We are at a pivotal moment in the history of the relationship between philanthropy and official development assistance. The key question is: will foundations take part in the Sustainable Development Goals (SDGs)? To find out, Alliance and Centris collaborated on a survey.
Based on past history, expectations should be low. Rarely has there been a meeting of minds between foundations and development agencies. The history has been chequered, with Barry Gaberman, former senior vice president of the Ford Foundation, once describing the two sectors as ‘ships that pass in the night’. Given the replacement of the Millennium Development Goals (MDGs) by the Sustainable Development Goals (SDGs), will it be different this time?
There are positive signs. The development of the SDG Philanthropy Platform means that foundations are more organized than in the past. SDGfunders.org has been set up to enable funders to engage in the global development process. The result is that there is more of a ‘buzz’ about the SDGs than ever there was about the MDGs.
Yet there is scepticism in some circles. According to CIVICUS, some of its members say the acronym ‘SDGs’ stands for ‘Seriously Distracting Gimmicks’. In the March 2015 issue of Alliance, Kevin Watkins suggested that the philanthropic community had been ‘conspicuously absent’ from the debate about SDGs because the process was ‘boring’ and the ‘shopping list’ of 17 goals and 169 targets signified absence of an underlying strategy.
The survey investigated whether foundations intended to take part in the SDGS and at what level. It asked what discussions they had held, whether they were in negotiations with governments, and whether there was good fit between the SDGs and their work.
The survey was sent out to Alliance readers and posted on relevant websites. There were 83 responses from 24 different countries. This is not a huge response and we cannot claim representativeness, though numbers are sufficient to do some basic statistical analysis. While not meeting the rigour of surveys that measure voting intentions, much can be learned from the results, not least because there is an impressive consistency running through the data, and this increases our confidence in the results. It is nevertheless better to think about the results as illustrative of attitudes towards the SDGS rather than a definitive account.
The survey suggests that the foundation sector is poised to make a major contribution to the SDGs.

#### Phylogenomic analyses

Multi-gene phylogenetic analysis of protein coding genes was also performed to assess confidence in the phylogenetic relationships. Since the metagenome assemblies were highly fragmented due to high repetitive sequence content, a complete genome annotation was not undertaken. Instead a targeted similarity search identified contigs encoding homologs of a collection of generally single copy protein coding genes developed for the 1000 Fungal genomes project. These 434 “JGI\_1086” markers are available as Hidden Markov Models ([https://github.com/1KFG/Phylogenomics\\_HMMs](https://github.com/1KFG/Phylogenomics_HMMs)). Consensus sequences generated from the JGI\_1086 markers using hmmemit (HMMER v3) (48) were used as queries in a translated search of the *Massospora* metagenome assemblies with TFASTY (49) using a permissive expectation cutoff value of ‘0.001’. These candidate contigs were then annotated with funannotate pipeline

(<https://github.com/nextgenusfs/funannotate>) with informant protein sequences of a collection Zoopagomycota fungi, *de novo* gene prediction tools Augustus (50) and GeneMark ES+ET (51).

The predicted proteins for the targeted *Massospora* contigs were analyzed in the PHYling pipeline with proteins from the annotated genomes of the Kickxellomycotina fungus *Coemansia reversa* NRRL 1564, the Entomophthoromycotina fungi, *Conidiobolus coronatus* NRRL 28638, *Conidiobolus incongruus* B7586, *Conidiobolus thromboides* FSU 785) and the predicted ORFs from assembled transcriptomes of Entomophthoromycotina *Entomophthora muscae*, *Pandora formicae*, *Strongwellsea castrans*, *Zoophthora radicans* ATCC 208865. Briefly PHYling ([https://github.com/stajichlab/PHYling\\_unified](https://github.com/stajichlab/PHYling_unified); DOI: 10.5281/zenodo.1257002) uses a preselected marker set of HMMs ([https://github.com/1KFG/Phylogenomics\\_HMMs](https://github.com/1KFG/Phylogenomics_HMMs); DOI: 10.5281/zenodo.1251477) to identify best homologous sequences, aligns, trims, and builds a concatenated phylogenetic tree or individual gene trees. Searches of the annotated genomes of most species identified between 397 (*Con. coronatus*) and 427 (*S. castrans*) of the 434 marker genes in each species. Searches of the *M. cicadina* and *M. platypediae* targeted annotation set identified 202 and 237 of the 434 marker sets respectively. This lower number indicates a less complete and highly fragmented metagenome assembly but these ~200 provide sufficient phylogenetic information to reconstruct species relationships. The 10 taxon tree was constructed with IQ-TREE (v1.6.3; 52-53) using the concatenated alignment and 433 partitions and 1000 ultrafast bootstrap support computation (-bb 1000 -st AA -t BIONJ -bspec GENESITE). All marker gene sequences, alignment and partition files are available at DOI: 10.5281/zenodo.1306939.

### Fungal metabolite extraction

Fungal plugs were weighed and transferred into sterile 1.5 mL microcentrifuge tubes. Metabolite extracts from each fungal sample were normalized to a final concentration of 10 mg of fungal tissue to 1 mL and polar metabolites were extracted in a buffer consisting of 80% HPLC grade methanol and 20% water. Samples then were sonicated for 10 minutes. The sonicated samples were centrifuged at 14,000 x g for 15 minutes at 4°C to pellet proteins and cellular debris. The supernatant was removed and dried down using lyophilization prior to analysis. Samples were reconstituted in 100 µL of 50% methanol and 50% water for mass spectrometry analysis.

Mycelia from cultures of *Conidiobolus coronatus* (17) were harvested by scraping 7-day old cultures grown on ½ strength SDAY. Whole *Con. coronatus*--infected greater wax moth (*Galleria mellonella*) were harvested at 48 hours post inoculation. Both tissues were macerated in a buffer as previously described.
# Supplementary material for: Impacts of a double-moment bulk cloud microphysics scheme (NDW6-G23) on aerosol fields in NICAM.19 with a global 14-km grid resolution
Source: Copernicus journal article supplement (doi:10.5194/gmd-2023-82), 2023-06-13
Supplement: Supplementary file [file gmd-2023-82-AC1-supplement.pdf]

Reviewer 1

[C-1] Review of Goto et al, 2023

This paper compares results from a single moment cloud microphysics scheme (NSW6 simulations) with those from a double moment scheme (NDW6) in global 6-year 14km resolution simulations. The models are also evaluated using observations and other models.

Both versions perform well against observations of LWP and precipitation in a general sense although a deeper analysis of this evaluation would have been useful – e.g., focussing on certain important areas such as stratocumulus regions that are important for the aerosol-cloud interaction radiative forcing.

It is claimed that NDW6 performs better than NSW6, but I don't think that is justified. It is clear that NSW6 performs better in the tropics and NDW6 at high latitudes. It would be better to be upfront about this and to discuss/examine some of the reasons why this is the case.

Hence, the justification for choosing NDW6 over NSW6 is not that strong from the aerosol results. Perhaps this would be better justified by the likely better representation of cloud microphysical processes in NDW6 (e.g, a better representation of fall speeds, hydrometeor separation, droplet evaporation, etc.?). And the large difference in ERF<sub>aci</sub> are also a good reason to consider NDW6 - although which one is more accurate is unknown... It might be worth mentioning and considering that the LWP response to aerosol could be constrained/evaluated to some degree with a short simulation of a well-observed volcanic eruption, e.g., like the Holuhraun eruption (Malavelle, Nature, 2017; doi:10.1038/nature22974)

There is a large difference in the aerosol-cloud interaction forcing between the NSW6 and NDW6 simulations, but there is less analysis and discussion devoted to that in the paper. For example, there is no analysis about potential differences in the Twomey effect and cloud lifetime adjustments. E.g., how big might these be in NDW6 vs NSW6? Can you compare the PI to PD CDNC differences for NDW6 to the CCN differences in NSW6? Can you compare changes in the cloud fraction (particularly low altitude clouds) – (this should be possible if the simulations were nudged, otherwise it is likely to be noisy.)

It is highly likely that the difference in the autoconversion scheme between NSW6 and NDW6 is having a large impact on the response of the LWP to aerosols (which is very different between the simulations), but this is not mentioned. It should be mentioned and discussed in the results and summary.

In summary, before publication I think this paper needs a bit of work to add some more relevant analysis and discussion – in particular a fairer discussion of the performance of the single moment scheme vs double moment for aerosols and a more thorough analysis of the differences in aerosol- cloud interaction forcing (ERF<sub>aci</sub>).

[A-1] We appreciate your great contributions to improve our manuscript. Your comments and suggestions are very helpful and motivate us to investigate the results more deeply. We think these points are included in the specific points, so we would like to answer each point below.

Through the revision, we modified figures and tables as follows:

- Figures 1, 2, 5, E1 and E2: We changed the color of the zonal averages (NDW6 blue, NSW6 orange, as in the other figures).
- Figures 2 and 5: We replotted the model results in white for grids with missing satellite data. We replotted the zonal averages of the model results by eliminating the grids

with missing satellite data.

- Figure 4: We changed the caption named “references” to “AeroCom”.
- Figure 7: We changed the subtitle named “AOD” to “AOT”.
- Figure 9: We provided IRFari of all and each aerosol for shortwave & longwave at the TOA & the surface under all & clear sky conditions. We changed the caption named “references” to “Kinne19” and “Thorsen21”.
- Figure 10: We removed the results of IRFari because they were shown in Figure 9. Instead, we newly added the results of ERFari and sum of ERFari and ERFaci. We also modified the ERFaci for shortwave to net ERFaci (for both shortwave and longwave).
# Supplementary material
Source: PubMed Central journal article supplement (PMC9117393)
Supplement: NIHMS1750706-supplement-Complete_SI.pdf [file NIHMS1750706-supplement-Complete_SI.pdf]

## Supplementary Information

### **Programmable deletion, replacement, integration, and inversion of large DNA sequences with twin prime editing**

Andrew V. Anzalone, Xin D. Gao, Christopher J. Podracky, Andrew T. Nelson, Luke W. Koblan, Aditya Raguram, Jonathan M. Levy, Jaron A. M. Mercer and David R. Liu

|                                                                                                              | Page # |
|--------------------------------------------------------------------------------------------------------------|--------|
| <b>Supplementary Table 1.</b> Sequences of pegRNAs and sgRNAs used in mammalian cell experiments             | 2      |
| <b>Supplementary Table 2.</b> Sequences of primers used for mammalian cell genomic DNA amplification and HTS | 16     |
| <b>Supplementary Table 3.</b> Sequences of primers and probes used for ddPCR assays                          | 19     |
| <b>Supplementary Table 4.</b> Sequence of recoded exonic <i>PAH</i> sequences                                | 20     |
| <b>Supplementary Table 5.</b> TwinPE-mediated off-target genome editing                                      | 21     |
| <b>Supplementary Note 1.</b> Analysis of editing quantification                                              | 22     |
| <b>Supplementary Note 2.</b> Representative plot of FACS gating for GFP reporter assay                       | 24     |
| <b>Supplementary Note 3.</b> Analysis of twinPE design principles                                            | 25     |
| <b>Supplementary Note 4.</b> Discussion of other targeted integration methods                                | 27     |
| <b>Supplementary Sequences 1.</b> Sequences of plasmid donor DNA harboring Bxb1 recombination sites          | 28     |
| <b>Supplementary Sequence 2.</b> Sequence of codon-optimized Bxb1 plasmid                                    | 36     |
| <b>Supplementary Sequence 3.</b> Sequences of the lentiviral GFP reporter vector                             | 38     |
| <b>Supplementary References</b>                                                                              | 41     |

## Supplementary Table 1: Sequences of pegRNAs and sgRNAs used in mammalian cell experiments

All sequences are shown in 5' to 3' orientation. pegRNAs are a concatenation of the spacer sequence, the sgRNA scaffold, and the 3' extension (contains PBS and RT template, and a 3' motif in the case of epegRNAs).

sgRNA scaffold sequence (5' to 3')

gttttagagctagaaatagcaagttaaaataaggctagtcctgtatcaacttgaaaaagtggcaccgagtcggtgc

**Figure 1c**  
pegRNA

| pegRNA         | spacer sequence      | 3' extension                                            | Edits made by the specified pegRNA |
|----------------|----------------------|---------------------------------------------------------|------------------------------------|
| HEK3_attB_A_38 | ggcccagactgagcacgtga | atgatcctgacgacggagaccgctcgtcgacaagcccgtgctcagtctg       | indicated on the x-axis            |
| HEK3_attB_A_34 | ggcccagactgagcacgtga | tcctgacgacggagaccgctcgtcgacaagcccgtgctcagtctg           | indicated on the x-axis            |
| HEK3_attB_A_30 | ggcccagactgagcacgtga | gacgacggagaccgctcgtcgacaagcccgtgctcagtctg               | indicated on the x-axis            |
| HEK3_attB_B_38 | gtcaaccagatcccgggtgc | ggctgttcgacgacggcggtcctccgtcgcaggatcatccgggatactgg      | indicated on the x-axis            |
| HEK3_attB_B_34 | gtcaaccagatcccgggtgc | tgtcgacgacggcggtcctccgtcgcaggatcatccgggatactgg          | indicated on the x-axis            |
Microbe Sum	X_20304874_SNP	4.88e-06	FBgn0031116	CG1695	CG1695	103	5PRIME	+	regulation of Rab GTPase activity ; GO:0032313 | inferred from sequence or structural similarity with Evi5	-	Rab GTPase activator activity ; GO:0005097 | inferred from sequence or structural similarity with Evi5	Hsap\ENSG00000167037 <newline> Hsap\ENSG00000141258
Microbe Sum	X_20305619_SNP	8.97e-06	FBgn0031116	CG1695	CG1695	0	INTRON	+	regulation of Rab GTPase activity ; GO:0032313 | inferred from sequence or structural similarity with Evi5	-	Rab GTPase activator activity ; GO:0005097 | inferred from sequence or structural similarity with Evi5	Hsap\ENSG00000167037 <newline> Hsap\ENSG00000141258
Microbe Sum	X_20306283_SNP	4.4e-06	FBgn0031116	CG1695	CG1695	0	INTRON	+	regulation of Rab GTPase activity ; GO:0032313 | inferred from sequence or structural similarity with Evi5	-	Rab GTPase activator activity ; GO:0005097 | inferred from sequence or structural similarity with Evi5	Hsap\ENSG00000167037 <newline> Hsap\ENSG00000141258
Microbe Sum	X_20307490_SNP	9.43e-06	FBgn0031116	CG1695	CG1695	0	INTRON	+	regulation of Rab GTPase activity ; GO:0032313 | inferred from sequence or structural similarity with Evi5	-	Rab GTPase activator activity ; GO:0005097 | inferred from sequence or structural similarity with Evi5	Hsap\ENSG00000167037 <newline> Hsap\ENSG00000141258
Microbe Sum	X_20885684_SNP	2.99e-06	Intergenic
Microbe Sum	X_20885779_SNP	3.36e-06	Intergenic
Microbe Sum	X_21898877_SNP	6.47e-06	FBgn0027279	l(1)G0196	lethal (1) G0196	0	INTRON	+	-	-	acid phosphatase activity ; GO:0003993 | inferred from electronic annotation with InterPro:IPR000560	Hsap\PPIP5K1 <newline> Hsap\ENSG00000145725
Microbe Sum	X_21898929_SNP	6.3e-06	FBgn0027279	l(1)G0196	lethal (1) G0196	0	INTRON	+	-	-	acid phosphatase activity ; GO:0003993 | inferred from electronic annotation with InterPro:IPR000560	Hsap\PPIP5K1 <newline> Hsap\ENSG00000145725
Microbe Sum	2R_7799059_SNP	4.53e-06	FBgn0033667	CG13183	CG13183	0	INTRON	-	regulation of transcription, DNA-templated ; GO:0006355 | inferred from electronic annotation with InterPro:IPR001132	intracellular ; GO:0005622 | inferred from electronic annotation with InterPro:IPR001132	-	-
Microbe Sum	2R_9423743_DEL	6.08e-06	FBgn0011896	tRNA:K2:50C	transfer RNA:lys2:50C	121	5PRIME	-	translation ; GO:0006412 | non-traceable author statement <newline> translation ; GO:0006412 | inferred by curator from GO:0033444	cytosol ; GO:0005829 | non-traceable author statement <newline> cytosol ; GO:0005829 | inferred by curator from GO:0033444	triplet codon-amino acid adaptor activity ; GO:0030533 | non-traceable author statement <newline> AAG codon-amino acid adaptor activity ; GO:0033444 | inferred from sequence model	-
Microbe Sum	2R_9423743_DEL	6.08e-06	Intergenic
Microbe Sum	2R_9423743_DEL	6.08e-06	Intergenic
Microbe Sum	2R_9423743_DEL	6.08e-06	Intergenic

As might be expected from a community that is independent minded with its own source of funds, there was some variation in the responses. Overall, however, the results are overwhelmingly positive in support for the SDGs. Most respondents see the SDGs as a valuable strategy to make progress on some of the most difficult problems facing the world.
Results from the key question are in Chart 1. This shows that almost one-third (32 per cent) say that they will play a ‘leading part’ in the SDGs, while almost half (48 per cent) say that they will play ‘some part’.
Most respondents said that they had already begun to act on their intentions. Almost half (48 per cent) had already discussed the SDGs with their governments and other relevant stakeholders. Nearly all the rest have either held discussions internally or say that they intend to. Only seven per cent say that they don’t intend to discuss the SDGs either internally or externally.
To probe attitudes to the SDGs more deeply, we asked people to say whether they ‘strongly agreed’, ‘slightly agreed’, ‘slightly disagreed’ or ‘strongly disagreed’ with eight statements about such items as goodness of fit between foundation goals and SDGs, relationships with government, relations with civil society, role of data and other topics. Full results are given in Chart 2.
Once more, we found a strong desire to engage with the SDGs. Two-thirds of respondents said that they ‘strongly agreed’ that the SDGs have a ‘good fit with our work’, while nearly four in five ‘strongly agreed’ that ‘foundations should assist the achievement of the SDGs’. There was little support for the idea that foundations should ignore the SDGs and continue with what they are doing already, only 5 per cent saying that they ‘strongly agreed’ with this statement, while 55 per cent ‘strongly disagreed’.
Attitudes towards government were positive too. More than half – 53 per cent – ‘strongly agreed’ that foundations should ‘develop new relationships with government in order to implement the SDGs’. In contrast, only 7 per cent ‘strongly agreed’ that ‘foundations should not work with government agencies because they are too difficult to work with’.
There was also strong support for the idea of civil society engagement in the process. More than two-thirds ‘strongly agreed’ that ‘foundations should support convenings to enable civil society organizations and governments to agree on how to implement strategies to achieve national goals’. More than half – 55 per cent – ‘strongly agreed’ that ‘foundations should set up watchdog arrangements to monitor the performance of strategies to meet the SDGs’.